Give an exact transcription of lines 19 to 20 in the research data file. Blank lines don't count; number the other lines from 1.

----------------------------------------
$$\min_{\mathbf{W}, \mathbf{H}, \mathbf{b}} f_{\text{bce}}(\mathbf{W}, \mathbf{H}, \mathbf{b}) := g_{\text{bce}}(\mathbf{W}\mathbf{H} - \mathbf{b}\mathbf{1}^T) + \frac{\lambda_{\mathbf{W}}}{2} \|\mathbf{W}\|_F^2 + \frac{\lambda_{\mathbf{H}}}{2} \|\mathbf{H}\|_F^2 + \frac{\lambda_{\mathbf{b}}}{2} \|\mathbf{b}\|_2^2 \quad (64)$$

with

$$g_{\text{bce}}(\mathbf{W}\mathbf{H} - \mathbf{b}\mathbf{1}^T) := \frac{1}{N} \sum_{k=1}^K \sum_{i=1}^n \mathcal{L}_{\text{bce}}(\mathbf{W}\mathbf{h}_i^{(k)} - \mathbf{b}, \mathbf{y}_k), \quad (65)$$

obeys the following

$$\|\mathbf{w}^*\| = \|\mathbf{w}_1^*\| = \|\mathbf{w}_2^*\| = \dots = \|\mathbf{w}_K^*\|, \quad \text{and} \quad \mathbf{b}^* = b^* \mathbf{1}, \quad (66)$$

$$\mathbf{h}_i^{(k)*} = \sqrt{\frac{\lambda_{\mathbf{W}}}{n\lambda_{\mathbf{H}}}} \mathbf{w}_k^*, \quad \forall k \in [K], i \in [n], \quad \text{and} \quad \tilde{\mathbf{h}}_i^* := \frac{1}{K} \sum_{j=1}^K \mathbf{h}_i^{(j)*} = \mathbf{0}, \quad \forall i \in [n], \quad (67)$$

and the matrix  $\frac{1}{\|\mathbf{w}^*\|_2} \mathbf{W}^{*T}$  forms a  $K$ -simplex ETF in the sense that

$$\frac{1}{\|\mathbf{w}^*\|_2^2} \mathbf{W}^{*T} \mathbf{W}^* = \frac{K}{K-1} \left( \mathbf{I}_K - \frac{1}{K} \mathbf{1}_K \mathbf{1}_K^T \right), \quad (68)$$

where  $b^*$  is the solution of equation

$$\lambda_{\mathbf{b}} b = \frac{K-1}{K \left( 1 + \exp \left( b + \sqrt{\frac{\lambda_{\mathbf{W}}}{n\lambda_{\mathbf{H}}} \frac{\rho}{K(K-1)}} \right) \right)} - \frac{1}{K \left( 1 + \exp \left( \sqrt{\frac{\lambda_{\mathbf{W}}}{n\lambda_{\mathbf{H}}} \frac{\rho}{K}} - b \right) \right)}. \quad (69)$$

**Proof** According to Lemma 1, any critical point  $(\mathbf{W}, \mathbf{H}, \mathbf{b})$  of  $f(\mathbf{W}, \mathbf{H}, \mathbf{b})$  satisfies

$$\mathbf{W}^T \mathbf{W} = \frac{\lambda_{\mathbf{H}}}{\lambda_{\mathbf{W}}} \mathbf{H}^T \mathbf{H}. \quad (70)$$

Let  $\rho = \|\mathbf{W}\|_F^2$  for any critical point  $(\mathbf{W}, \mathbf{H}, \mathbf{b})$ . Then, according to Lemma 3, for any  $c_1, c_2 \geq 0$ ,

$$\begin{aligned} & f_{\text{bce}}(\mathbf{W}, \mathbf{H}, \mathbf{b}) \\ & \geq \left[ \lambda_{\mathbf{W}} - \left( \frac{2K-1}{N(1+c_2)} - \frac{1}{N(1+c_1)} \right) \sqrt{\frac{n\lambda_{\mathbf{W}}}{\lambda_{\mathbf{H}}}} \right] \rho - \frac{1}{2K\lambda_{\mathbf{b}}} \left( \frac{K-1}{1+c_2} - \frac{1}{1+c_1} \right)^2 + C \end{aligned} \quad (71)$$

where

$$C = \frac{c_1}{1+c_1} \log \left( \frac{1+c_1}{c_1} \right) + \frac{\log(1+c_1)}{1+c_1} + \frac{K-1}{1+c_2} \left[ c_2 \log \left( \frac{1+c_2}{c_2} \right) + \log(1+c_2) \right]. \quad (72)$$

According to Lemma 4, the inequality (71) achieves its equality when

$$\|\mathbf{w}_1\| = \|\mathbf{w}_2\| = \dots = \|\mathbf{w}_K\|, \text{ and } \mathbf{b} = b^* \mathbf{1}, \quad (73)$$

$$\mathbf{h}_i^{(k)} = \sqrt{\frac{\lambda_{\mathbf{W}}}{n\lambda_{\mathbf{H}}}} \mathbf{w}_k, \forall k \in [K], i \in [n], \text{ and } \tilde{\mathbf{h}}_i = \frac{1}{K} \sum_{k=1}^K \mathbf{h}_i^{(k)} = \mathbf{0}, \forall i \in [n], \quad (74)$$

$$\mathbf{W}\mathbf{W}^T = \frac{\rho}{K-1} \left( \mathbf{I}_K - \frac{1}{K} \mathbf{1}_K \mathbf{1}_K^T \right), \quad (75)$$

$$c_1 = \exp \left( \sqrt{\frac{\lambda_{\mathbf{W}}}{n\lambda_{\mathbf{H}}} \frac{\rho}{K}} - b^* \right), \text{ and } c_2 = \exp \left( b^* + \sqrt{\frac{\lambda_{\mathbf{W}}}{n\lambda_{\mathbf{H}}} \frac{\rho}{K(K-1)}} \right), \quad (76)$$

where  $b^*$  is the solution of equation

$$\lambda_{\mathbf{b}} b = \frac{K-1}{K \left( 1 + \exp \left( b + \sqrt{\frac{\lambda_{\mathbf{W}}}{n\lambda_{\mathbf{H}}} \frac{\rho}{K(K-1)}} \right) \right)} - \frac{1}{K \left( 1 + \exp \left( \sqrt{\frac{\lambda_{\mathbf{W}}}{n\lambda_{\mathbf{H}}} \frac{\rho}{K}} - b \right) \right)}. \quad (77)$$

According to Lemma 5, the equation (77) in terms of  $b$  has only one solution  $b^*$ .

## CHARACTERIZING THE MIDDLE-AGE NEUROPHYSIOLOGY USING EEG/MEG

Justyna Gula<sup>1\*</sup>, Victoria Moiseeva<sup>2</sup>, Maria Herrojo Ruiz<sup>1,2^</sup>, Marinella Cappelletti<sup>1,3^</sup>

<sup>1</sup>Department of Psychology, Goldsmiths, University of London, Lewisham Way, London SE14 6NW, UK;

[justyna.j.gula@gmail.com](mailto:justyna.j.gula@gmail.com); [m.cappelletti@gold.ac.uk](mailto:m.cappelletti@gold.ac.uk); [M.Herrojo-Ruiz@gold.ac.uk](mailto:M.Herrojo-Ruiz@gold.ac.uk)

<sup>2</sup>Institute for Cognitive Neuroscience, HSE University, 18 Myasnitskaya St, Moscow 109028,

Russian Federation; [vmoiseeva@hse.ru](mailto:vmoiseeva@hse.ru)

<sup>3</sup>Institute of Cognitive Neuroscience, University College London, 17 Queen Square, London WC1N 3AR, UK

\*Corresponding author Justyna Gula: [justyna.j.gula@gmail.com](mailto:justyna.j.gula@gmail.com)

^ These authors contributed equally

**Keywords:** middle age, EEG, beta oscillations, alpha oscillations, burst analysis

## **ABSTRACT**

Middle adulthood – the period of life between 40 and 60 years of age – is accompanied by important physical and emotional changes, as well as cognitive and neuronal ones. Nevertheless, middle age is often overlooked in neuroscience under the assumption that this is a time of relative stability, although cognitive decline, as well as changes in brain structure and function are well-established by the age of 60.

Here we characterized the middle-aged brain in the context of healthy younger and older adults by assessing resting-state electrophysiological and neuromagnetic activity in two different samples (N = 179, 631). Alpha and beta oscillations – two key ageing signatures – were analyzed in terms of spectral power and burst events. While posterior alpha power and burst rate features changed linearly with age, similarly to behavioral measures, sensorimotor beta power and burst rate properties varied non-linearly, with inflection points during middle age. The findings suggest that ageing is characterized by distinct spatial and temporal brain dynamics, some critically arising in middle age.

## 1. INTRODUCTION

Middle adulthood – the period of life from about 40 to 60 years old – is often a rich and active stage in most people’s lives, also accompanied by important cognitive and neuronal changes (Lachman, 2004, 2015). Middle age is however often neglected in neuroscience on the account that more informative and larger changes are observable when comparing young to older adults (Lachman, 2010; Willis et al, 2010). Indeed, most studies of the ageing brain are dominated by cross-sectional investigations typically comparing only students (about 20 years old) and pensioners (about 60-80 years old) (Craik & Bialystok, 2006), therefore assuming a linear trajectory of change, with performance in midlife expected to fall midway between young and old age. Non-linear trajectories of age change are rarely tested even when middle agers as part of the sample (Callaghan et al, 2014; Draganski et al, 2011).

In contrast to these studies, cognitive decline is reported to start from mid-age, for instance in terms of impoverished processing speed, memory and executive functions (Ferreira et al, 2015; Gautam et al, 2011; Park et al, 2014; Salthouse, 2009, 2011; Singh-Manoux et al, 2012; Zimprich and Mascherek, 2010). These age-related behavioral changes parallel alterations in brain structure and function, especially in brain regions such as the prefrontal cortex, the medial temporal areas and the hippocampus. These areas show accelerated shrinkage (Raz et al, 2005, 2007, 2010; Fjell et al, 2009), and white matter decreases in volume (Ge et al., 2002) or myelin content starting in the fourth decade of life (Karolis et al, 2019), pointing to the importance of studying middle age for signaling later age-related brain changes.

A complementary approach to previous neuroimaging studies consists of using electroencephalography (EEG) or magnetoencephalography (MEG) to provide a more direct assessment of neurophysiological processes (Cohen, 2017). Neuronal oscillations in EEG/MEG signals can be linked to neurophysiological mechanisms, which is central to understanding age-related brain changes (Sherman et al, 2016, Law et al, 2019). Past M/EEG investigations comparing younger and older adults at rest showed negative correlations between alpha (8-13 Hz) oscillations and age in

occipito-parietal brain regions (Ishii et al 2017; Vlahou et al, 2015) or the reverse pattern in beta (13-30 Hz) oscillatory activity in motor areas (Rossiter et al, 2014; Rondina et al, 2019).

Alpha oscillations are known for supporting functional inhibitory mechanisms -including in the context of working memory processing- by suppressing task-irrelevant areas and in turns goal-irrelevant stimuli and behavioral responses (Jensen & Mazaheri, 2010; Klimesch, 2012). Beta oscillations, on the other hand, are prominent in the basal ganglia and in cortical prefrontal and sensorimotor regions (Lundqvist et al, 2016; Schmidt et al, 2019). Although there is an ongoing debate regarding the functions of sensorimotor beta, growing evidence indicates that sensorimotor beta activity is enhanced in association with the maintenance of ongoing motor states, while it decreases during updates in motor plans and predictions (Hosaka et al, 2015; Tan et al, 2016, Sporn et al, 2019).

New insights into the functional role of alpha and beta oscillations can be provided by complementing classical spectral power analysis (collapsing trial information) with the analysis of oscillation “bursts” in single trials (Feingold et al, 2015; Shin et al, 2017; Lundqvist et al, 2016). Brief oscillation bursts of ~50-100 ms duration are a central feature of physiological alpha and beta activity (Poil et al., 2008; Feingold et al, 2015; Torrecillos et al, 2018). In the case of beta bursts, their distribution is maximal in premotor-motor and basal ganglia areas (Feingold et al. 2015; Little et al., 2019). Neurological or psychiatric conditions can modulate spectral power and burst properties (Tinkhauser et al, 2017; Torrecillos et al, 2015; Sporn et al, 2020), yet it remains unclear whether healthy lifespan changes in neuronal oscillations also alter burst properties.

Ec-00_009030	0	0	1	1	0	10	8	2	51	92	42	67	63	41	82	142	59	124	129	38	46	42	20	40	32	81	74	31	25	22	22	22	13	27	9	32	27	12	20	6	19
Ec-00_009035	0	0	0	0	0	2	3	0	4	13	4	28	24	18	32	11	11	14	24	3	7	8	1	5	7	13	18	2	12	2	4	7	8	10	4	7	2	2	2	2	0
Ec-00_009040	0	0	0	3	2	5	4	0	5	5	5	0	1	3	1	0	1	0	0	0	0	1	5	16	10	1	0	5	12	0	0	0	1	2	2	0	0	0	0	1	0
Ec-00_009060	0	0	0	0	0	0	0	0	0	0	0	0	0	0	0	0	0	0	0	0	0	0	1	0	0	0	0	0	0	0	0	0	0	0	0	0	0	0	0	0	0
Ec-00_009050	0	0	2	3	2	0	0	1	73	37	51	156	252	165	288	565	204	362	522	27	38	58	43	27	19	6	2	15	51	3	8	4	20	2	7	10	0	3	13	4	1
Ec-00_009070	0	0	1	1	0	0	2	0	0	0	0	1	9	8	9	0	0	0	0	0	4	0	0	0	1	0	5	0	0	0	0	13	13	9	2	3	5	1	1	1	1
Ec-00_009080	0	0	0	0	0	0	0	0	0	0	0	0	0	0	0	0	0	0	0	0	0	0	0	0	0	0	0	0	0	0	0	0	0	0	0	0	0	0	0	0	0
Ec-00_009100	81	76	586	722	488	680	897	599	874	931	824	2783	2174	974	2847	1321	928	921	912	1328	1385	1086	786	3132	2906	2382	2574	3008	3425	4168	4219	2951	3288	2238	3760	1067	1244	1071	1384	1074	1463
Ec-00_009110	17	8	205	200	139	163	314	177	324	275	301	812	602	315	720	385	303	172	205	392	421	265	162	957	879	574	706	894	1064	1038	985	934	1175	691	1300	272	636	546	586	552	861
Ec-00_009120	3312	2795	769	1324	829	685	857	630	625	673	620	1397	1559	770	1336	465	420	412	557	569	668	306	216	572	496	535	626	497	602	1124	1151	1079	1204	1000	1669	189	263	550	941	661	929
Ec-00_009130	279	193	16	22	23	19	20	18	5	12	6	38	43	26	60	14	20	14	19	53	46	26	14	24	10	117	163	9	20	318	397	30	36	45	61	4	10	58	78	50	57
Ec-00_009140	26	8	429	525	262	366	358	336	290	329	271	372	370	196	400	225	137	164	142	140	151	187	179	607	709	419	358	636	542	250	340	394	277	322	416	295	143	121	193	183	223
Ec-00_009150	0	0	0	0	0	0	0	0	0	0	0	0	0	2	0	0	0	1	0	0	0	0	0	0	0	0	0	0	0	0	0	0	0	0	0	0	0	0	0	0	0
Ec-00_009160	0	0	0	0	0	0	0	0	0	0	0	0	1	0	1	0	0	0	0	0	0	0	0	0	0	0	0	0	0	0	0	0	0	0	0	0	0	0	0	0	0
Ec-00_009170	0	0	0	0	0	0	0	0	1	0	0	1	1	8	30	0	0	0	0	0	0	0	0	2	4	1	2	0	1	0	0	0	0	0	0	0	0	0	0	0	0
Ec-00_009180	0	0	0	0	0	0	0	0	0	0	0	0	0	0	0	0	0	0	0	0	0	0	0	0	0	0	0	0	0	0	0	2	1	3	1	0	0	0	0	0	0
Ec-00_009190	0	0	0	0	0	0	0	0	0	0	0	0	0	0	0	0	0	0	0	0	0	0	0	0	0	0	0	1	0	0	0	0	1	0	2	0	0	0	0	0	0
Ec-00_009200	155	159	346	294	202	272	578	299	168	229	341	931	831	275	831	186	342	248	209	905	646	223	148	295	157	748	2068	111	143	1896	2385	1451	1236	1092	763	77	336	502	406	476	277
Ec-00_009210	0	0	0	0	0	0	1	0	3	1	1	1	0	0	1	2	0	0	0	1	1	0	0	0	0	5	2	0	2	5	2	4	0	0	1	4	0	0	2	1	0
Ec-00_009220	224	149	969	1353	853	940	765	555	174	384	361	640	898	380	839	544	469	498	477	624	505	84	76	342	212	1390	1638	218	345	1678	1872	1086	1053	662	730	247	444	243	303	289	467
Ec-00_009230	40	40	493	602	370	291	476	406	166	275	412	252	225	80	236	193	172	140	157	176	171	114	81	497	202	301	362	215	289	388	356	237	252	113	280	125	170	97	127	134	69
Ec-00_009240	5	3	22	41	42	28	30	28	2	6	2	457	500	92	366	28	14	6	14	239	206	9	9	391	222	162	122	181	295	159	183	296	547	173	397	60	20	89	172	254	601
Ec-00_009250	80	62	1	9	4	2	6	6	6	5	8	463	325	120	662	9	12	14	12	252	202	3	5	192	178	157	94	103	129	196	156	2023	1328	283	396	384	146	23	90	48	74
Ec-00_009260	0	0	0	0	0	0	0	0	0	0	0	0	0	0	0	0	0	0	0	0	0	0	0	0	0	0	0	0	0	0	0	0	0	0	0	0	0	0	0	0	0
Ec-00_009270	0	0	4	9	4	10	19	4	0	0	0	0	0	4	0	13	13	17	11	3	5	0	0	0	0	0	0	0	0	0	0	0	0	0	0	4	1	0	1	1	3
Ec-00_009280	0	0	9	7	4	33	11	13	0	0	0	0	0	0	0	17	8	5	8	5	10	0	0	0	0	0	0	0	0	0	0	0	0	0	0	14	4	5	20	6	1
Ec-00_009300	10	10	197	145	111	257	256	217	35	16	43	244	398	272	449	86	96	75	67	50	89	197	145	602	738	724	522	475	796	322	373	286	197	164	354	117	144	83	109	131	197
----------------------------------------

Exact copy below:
$$\mathbf{h}_i^{(k)} = \sqrt{\frac{\lambda_{\mathbf{W}}}{n\lambda_{\mathbf{H}}}} \mathbf{w}_k, \forall k \in [K], i \in [n], \text{ and } \tilde{\mathbf{h}}_i = \frac{1}{K} \sum_{k=1}^K \mathbf{h}_i^{(k)} = \mathbf{0}, \forall i \in [n], \quad (74)$$

$$\mathbf{W}\mathbf{W}^T = \frac{\rho}{K-1} \left( \mathbf{I}_K - \frac{1}{K} \mathbf{1}_K \mathbf{1}_K^T \right), \quad (75)$$